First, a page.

Then I asked him, "If you'd known then what you know now, would you still have let the kids play on the wet court?"
"I wouldn't have done anything differently," he actually replied.
The doctor said Gilad's neurological signs were fine, and that his headache, nausea and sleepiness were normal after taking such a knock on the head. We brought him home and after a night's sleep he was back to his jolly self.
The head of community activities in Modi'in promised me that the afterschool program operators and the coaches who work for them would be told again, more intently this time, about their responsibilities to the children left in their care.
I didn't ask him to kick the coach out of the program. I'm even going to send Gilad back to the same class (after I have a talk with the coach to see if he's any wiser now). Why am I so tolerant? Because I'm convinced that this coach is no different than any of the others. I'm convinced that in the same circumstances, the young coaches in the other afterschool classes would have made the same decision, and defended it even after an "accident" happened.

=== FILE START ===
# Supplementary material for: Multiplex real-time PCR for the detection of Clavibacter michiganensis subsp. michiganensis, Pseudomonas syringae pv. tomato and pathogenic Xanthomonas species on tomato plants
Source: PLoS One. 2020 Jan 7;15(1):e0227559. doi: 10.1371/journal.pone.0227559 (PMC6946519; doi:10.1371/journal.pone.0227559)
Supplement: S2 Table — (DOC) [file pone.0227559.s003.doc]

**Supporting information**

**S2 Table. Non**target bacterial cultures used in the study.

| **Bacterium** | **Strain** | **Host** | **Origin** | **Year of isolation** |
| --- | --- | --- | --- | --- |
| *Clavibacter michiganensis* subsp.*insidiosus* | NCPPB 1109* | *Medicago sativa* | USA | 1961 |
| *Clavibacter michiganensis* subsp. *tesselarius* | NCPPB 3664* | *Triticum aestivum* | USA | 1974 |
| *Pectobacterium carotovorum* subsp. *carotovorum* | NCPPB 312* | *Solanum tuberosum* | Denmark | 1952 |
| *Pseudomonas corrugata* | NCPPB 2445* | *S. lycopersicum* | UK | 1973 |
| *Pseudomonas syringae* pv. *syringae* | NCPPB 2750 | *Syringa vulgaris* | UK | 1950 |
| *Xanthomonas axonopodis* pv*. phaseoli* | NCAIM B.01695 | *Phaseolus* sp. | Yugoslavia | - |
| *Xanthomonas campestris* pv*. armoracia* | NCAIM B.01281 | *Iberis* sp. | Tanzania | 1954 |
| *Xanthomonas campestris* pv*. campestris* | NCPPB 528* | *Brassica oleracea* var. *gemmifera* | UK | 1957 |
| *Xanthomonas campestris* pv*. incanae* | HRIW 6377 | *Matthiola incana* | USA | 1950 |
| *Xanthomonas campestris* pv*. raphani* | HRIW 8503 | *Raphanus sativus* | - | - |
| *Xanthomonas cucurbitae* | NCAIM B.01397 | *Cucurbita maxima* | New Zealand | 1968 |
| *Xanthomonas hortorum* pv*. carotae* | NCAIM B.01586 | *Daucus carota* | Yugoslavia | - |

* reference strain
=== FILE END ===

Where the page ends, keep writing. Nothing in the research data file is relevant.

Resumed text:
HOW DID I reach this conclusion? Can you imagine an Israeli in his 20s, or any Israeli in a low-skilled job, taking the initiative to do what his job demands - in this case, making sure above all that the children he gets paid to look after aren't exposed to danger, - if it means his boss might get upset? Can you imagine any Israeli - young, old, high or low - accepting responsibility for the result of his negligence, instead of blaming it, for instance, on the cleaning woman?
This goes back to something I've found ever since I came to this country: For all the bravery and boldness and honorableness Israelis show in war, they tend to show the opposite in their jobs. In battle they'll risk their lives as a matter of course, but as civilians they wouldn't think of risking their jobs for the sake of their responsibility as professionals.